Peter Gaynor, Director the Rhode Island Emergency Management Agency (RIEMA), wheels forward in his chair and plugs an address into one of the many display monitors set up at a desk inside the Emergency Operations Center (EOC), the command center for all emergency preparedness operations in Rhode Island.
Immediately projected on the right-most section of the front wall is a flood map of the Conimicut neighborhood, with each house plotted as a data point. Areas of shading, from light blue to dark blue, indicate the likelihood of flooding occurring in each portion of the state, and is based on historical data of floods recorded in the state.
“We’re in favor of preparedness here,” Gaynor said matter-of-factly, with two separate tracking systems mapping out the current course of Hurricane Irma projected to the left of the flood map of Conimicut.
Irma, as of Wednesday, was upgraded to a Category 5 storm –the largest ever tracked over the Atlantic Ocean with sustained winds of 185 MPH. However, Gainer said that its current path did not render Rhode Island in serious danger. This doesn’t mean that they won’t continue tracking it as long as the threat is even remotely possible, as conditions and the storm’s direction can change, literally, overnight.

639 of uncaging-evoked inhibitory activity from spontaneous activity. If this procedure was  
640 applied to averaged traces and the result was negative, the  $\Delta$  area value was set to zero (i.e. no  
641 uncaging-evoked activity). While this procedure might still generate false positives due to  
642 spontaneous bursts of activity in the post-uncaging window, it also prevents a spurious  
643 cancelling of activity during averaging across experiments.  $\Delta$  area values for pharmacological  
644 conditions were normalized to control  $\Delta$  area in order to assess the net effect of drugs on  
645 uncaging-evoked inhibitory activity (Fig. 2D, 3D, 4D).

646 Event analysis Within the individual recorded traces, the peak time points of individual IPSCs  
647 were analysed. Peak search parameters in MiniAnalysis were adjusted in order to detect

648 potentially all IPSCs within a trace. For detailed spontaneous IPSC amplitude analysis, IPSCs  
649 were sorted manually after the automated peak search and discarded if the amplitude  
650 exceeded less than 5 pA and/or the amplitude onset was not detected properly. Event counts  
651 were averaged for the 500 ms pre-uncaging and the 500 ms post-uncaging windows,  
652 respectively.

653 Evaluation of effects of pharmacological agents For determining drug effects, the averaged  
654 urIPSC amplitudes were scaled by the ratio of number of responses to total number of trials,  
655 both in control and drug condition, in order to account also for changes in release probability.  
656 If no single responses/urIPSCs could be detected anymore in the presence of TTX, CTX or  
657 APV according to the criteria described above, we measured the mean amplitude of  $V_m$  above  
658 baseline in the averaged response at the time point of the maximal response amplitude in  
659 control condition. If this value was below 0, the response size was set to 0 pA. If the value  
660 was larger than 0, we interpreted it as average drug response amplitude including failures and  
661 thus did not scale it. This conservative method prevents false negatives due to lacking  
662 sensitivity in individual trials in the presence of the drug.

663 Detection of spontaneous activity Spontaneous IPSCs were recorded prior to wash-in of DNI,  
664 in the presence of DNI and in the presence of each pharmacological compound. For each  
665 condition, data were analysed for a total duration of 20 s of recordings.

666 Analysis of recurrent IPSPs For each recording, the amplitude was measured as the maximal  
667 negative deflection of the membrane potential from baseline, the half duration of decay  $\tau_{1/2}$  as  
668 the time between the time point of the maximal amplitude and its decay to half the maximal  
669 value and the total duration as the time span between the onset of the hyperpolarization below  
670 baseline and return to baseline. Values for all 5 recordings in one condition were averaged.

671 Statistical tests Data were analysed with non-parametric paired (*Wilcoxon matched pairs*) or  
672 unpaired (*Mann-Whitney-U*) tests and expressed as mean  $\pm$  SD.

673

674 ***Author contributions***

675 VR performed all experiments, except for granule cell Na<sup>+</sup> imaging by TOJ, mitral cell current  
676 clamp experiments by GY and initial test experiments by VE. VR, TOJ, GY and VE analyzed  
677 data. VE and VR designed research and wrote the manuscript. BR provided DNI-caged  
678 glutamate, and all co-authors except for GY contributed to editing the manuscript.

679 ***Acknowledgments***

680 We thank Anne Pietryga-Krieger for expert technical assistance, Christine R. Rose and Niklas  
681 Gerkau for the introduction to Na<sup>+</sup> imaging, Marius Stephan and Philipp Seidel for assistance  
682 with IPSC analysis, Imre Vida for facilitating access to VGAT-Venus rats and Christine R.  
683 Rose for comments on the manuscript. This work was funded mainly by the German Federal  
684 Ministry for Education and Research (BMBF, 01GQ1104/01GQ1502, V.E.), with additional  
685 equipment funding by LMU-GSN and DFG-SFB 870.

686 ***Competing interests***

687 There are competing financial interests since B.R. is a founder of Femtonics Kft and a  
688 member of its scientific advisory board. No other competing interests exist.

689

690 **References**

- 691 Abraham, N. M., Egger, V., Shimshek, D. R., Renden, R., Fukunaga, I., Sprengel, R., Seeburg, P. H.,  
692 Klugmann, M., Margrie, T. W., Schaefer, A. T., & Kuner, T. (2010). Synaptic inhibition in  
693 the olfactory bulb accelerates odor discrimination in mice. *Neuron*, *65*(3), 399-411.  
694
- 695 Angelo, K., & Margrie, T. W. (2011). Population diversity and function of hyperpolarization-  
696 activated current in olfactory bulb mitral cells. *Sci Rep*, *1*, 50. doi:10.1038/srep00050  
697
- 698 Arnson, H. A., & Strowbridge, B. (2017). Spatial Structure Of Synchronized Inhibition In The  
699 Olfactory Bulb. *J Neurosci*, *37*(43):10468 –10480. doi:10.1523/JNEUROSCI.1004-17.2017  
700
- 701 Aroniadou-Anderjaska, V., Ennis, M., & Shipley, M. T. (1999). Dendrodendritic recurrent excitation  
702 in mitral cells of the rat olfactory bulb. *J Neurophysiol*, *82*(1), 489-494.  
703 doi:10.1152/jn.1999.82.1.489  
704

Preparing for the worst is certainly the name of the game inside the EOC, and for RIEMA in general. Although the center was calm and mostly empty on Tuesday, it wasn’t hard to imagine 18 separate operators manning their individual computer terminals, each responsible for a different portion of emergency management – from monitoring utilities and the electrical grid to orchestrating evacuations.
Keeping Rhode Island prepared for calamitous events, the most common of which is flooding, includes an all-hands-on-deck approach, from the Governor’s Office and state agencies up top all the way down to individual homeowners and businesses.
RIEMA recently finished up four days of Federal Emergency Management Agency (FEMA) training with 168 of its partners in June. One full day of training was spent in the EOC, going over a hypothetical hurricane response.
“We want to make sure that we get an early head start on our protocol…so when the bell goes off, you’re ready,” Gaynor said.
The hurricane response for RIEMA includes three “decision points,” from the least serious, blue, to more serious, yellow, and the most serious, red. Gaynor showed a map that outlined several areas on the Eastern coast of the United States and the relative danger to Rhode Island should a storm wind up in those areas, represented by shades of the aforementioned colors.